Doing no evil,
Engaging in what’s skillful,
And purifying one’s mind:
This is the teaching of the Buddha.
Dhammapada v. 183, translated by Gil Fronsdal
This may be the most widely quoted verse in the Dhammapada. It is said to be the most succinct summary of the Buddha’s entire teaching, capable of bringing a person from ignorance to complete awakening, the permanent eradication of the unwholesome roots of greed, hatred and delusion. Kind of breath-taking, no?
When the Buddha used this shorthand, he was speaking to a group of people (monks and nuns) who had developed a context to understand his words. The monastics were already well-practiced in refraining from acting on their unwholesome impulses and in pursuing skillful activities. Purifying the mind refers to the whole family of meditation practices, from the most austere and reclusive to everyday mindfulness.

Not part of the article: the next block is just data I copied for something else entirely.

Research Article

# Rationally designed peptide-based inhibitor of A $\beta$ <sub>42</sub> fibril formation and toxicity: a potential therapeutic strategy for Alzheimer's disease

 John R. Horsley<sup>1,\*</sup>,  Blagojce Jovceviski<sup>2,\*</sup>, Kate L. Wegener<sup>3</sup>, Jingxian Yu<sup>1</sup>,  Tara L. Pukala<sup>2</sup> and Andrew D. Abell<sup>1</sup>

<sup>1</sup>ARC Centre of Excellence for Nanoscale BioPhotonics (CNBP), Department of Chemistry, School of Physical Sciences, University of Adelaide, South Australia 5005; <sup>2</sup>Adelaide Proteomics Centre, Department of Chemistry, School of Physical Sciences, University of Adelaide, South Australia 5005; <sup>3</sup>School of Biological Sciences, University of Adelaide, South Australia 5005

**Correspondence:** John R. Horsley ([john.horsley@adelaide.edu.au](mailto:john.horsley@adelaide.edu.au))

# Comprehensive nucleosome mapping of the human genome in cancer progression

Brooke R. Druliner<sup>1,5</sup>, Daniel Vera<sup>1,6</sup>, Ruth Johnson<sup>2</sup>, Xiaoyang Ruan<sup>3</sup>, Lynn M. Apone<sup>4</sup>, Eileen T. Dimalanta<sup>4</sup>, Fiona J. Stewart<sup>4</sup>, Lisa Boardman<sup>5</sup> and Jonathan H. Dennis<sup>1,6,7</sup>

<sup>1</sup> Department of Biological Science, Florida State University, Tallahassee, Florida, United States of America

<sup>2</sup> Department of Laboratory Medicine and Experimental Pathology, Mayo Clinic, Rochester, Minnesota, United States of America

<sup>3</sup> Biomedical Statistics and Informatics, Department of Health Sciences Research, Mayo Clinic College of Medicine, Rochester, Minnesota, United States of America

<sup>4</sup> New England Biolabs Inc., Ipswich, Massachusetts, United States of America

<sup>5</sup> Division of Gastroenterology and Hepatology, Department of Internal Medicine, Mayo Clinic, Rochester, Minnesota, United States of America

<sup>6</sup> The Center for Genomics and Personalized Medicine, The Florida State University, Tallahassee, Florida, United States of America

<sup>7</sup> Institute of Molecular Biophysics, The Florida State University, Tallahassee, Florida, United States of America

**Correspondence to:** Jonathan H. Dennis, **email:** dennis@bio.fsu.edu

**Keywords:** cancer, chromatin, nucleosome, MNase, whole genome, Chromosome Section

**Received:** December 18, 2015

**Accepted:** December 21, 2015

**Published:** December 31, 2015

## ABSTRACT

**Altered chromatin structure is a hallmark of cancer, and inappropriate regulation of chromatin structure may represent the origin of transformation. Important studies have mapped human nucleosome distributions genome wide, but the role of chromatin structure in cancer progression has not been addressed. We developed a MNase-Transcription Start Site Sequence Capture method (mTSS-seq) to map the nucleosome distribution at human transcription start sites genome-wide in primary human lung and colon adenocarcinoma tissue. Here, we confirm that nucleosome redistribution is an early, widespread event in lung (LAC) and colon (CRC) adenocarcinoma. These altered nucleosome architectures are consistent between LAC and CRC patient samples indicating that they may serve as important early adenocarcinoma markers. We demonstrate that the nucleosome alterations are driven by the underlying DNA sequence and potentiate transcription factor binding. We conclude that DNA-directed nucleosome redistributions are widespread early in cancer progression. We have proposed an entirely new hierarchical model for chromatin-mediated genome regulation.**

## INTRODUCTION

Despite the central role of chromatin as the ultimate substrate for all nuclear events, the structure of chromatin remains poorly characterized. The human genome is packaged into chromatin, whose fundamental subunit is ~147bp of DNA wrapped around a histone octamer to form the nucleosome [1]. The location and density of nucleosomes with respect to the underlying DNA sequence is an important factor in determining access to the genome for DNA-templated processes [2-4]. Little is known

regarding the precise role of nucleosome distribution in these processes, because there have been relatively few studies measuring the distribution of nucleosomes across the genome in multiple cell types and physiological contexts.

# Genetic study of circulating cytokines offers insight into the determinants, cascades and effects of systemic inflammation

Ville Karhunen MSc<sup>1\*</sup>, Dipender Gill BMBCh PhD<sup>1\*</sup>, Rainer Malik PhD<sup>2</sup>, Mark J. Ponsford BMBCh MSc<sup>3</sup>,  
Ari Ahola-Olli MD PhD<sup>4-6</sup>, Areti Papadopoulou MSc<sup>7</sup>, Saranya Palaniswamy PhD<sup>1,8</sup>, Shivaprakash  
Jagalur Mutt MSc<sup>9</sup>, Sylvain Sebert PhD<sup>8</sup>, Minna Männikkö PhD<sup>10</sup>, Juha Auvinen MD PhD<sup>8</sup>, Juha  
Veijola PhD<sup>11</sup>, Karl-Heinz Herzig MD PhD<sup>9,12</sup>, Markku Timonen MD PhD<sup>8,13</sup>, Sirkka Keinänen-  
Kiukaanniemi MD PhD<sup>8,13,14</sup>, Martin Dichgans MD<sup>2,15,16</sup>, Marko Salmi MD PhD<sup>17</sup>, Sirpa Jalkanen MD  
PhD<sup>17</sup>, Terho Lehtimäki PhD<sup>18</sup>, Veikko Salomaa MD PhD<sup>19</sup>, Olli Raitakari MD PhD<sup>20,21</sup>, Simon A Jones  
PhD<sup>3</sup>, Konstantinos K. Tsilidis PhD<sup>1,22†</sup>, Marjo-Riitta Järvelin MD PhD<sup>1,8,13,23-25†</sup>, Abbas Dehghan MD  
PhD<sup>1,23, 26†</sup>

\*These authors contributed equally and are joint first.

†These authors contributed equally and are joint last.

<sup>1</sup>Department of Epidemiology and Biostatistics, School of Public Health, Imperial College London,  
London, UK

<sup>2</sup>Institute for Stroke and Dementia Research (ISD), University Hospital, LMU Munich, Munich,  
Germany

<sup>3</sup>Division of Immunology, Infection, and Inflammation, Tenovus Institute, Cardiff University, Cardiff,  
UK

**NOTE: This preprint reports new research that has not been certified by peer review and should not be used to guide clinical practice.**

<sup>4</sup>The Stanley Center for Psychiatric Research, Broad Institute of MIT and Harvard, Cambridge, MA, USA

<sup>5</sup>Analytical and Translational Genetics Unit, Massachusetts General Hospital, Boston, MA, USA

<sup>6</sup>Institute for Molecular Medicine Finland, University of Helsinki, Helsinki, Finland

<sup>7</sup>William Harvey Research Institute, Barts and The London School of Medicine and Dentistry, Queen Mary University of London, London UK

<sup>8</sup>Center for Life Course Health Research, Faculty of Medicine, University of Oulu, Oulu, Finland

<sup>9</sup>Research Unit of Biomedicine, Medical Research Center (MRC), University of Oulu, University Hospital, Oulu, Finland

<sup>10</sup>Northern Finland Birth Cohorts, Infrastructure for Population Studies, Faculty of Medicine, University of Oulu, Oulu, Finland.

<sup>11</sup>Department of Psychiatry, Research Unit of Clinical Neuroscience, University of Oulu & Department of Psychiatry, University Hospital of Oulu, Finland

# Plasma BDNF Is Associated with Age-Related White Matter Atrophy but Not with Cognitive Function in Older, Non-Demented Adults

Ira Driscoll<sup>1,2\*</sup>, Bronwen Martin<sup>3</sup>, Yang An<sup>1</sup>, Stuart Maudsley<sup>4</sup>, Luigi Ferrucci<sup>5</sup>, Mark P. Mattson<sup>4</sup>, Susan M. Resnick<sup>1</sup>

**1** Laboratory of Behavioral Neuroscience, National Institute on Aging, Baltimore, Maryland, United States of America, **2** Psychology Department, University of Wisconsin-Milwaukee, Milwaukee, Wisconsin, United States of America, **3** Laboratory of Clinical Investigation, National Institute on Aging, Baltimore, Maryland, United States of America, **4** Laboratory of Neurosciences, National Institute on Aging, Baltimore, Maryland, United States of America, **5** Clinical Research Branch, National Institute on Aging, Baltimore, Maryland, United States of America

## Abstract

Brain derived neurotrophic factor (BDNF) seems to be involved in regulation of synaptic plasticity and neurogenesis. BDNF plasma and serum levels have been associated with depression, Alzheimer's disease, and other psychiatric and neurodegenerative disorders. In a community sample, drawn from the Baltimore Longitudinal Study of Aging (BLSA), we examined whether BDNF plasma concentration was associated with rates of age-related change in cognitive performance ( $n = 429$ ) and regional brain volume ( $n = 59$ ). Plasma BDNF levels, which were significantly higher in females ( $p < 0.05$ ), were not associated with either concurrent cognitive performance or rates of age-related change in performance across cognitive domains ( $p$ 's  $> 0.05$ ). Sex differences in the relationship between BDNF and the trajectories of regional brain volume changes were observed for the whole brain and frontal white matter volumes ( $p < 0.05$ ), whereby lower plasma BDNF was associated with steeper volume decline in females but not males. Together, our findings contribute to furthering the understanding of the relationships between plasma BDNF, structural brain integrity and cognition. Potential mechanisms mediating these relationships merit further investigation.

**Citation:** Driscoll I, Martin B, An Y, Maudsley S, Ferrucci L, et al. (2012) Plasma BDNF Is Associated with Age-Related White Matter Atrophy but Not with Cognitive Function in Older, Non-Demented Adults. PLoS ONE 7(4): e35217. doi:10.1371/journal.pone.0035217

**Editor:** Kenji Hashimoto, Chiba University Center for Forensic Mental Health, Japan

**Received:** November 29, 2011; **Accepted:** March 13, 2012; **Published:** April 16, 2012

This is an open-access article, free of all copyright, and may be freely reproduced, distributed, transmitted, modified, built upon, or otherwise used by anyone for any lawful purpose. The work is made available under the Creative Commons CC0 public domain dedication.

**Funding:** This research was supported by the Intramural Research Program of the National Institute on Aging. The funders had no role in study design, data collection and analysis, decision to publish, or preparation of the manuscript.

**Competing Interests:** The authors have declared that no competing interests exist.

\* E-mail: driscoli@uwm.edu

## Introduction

Because the verse encompasses (in brief) the whole teaching, I think it is worth bearing in mind that the path the Buddha pointed out leads all the way to total freedom. At the same time, it’s up to us to figure out which parts of it we can act on now.
The first two lines say “Doing no evil, Engaging in what is skillful”. These are not individual activities but the accumulation of all the little actions of our days. Refraining from harming others, protecting life and being gentle with people; being careful not to take anything not explicitly on offer; directing our sexual energies in ways that don’t harm anyone; being truthful and skillful with our words; keeping our mental energy as clear and focused (on the present) as possible – in all these ways we build the foundation for awakening, and accumulate inner peace as a by-product.
May each of us fulfill our highest potential.